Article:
Furthermore, Parliament’s intention behind the Aviation Legislation Amendment (Liability and Insurance) Act (2012) (Cth) was noted by the Court, whereby the purpose of amending the wording of s.28 was to bring the rights of passengers injured in interstate travel in line with the rights of passengers injured during international carriage.

Schmidt J therefore found that s.9E did not grant the Plaintiff a wider right to compensation for ‘personal injury’. The Plaintiff’s rights were restricted to compensation for her ‘bodily injury’ in accordance with Article 17(1) of the Montreal Convention.

It therefore remained to be decided whether the Plaintiff’s PTSD was a ‘bodily injury’.

History of ‘bodily injury’

The wording “bodily injury” originates from the Warsaw Convention of 1929. As the Warsaw Convention and Montreal Conventions are international conventions, court decisions that have interpreted their meaning in different signatory jurisdictions such as the United States and the United Kingdom are of persuasive value, as well as Australian decisions.

The phrase ‘bodily injury’ was decided not to include purely psychological injury in the US case Eastern Airlines Inc v Floyd [2]. However, in Floyd, the US Supreme Court left the question open as to whether the term ‘bodily injury’ encompassed psychological injuries accompanied by physical injuries.

Floyd was considered in the NSW case of American Airlines Inc v Georgeopolous [No 2][3] where the Court of Appeal found that the US Supreme Court, when it used the word ‘accompanied’, left the question open whether:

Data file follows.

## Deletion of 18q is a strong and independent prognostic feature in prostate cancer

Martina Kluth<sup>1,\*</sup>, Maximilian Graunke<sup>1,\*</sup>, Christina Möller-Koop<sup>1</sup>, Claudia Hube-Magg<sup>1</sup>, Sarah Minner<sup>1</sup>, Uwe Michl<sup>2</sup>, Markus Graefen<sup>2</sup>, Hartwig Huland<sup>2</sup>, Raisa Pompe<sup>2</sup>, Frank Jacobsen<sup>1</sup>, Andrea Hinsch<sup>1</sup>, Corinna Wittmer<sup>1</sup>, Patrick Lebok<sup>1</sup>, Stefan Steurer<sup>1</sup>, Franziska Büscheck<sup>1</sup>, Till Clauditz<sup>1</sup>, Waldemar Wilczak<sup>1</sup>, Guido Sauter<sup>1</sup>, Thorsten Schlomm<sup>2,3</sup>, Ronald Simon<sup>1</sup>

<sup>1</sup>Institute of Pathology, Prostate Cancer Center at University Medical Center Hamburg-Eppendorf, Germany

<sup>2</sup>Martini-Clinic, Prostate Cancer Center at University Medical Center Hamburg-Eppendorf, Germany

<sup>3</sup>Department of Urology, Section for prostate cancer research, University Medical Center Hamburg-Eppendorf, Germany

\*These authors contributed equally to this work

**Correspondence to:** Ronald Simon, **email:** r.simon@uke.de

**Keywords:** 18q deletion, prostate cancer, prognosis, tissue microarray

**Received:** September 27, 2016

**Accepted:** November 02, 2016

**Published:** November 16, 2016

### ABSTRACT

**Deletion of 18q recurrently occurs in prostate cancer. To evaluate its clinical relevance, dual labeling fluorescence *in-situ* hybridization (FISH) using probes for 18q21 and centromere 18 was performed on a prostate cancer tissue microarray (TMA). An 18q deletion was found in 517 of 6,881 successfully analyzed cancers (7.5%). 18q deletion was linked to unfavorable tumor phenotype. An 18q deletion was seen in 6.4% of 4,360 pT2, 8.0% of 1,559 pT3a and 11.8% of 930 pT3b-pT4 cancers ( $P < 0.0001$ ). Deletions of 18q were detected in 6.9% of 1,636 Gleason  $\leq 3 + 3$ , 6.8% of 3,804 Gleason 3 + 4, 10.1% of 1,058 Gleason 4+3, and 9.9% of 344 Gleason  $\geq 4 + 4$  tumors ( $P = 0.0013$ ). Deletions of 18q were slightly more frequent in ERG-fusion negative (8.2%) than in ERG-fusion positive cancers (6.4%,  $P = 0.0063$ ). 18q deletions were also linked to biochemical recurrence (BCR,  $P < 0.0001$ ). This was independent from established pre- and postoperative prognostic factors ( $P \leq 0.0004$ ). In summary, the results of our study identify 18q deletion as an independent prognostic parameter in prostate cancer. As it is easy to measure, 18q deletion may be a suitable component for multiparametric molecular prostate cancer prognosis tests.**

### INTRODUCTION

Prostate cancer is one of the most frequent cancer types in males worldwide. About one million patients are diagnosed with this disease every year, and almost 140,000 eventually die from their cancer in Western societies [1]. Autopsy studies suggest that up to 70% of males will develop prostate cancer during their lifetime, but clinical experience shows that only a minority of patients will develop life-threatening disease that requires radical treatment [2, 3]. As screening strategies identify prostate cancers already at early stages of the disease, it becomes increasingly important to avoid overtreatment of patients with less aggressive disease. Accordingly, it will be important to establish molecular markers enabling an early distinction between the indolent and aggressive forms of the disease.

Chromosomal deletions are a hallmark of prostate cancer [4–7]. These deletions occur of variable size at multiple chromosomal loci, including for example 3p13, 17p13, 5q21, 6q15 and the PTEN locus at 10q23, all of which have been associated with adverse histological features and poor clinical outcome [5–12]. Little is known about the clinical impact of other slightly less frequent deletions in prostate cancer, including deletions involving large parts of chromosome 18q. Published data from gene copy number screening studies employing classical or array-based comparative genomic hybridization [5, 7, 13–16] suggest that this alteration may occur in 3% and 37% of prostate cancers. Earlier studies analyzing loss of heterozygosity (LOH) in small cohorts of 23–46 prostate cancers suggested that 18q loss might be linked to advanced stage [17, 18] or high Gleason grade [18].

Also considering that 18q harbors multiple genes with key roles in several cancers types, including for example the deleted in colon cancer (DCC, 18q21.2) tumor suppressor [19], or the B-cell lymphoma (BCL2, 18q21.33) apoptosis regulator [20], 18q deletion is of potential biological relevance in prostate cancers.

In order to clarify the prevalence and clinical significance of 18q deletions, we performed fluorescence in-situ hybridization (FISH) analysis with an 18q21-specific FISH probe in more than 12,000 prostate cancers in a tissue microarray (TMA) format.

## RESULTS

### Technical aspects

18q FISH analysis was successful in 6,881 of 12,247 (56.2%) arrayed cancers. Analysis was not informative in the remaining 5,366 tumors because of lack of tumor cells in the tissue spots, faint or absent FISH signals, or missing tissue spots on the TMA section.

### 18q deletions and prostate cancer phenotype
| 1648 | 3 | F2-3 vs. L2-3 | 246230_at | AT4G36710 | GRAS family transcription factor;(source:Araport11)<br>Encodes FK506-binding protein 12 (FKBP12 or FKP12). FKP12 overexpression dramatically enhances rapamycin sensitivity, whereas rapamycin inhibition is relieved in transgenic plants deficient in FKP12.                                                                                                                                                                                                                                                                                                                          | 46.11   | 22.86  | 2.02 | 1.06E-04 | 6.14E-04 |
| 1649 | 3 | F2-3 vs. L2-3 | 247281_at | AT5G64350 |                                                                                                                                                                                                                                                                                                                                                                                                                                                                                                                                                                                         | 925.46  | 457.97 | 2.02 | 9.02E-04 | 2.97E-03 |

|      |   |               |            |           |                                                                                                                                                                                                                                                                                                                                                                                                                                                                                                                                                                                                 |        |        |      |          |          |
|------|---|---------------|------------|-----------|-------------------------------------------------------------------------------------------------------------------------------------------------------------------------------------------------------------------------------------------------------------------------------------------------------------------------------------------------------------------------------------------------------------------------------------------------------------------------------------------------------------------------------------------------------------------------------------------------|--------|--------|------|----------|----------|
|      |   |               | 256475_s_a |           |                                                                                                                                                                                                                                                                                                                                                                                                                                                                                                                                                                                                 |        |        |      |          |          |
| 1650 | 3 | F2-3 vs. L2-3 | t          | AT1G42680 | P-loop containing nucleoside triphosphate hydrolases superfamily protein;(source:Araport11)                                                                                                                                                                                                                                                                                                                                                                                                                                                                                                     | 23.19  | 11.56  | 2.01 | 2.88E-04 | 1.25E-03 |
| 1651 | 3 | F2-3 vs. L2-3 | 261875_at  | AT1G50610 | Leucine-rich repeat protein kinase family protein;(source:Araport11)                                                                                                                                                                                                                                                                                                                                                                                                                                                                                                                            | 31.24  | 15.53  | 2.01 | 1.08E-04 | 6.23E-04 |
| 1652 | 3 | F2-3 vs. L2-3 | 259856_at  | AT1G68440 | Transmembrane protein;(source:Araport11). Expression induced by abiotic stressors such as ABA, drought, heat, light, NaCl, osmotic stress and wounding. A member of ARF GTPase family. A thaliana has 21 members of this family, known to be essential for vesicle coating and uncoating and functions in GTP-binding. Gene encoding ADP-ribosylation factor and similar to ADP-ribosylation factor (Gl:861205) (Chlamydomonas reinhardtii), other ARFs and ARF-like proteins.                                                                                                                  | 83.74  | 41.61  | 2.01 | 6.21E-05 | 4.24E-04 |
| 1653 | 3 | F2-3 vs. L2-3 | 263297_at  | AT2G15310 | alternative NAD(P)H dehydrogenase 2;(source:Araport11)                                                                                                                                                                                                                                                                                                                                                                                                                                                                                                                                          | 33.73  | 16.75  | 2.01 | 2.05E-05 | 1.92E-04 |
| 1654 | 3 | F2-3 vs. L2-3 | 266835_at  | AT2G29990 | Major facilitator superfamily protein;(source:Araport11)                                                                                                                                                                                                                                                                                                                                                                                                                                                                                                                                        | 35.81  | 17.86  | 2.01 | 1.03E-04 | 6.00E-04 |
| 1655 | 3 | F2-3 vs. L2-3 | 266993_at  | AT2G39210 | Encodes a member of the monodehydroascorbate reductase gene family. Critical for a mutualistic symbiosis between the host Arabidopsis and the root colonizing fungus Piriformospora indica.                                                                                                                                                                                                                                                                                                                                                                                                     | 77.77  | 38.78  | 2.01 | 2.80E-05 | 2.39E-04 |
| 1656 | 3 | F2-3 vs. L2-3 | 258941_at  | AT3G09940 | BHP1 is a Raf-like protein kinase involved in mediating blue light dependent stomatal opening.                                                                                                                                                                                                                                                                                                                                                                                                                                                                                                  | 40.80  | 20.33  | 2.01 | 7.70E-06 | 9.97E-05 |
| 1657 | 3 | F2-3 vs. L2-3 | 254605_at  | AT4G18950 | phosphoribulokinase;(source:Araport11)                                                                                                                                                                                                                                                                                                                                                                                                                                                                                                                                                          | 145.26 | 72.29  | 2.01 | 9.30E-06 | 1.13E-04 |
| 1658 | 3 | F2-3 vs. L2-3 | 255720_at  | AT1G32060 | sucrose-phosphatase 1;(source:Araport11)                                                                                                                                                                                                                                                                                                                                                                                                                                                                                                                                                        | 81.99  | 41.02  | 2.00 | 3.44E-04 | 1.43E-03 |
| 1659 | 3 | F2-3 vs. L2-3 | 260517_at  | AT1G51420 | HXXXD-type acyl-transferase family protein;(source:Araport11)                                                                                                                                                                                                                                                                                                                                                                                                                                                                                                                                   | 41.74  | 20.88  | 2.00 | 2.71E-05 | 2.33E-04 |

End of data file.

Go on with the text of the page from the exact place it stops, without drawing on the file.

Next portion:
1. the carrier was liable for mental injuries consequent on physical injuries, or
  2. emotional shock which had resulted in organic damage (our emphasis)

The NSW Court of Appeal in Georgeopolous [No 2][4] also agreed with the earlier NSW case of Kotsambasis v Singapore Airlines Ltd[5] and held that in Kotsambasis Stein JA had

Correctly delimited the ambit of recovery for psychic injury when he said where mental anguish follows and is caused by physical injury, recovery for both injuries is covered …. Moreover, if the psychological injury is proven to be a species of bodily injury, then it would constitute ‘bodily injury’ within the article (our emphasis).

The above approach was later approved by the then House of Lords in King v Bristow Helicopters Ltd; In Re M[6] i.e. that a psychological injury would be compensable if it was caused by a physical injury, or if it had caused damage to a human organ such as the brain or central nervous system and was therefore a species of bodily injury in its own right. In the case of the latter, this would be a question of fact to be determined on the medical evidence.

Was the Plaintiff’s PTSD a bodily injury?

The Supreme Court in Casey considered the various authorities on the ‘bodily injury ’ issue.

The Plaintiff had submitted that her PTSD was caused by her physical injuries, and was a species of bodily injury in its own right. She therefore contented that it was a compensable injury.

The Defendant argued that the various cases cited by the Plaintiff did not construe PTSD as a ’bodily injury’, and that the medical evidence in the Plaintiff’s case did not support that the PTSD had caused a physical change to the Plaintiff’s brain function.

The Supreme Court found that: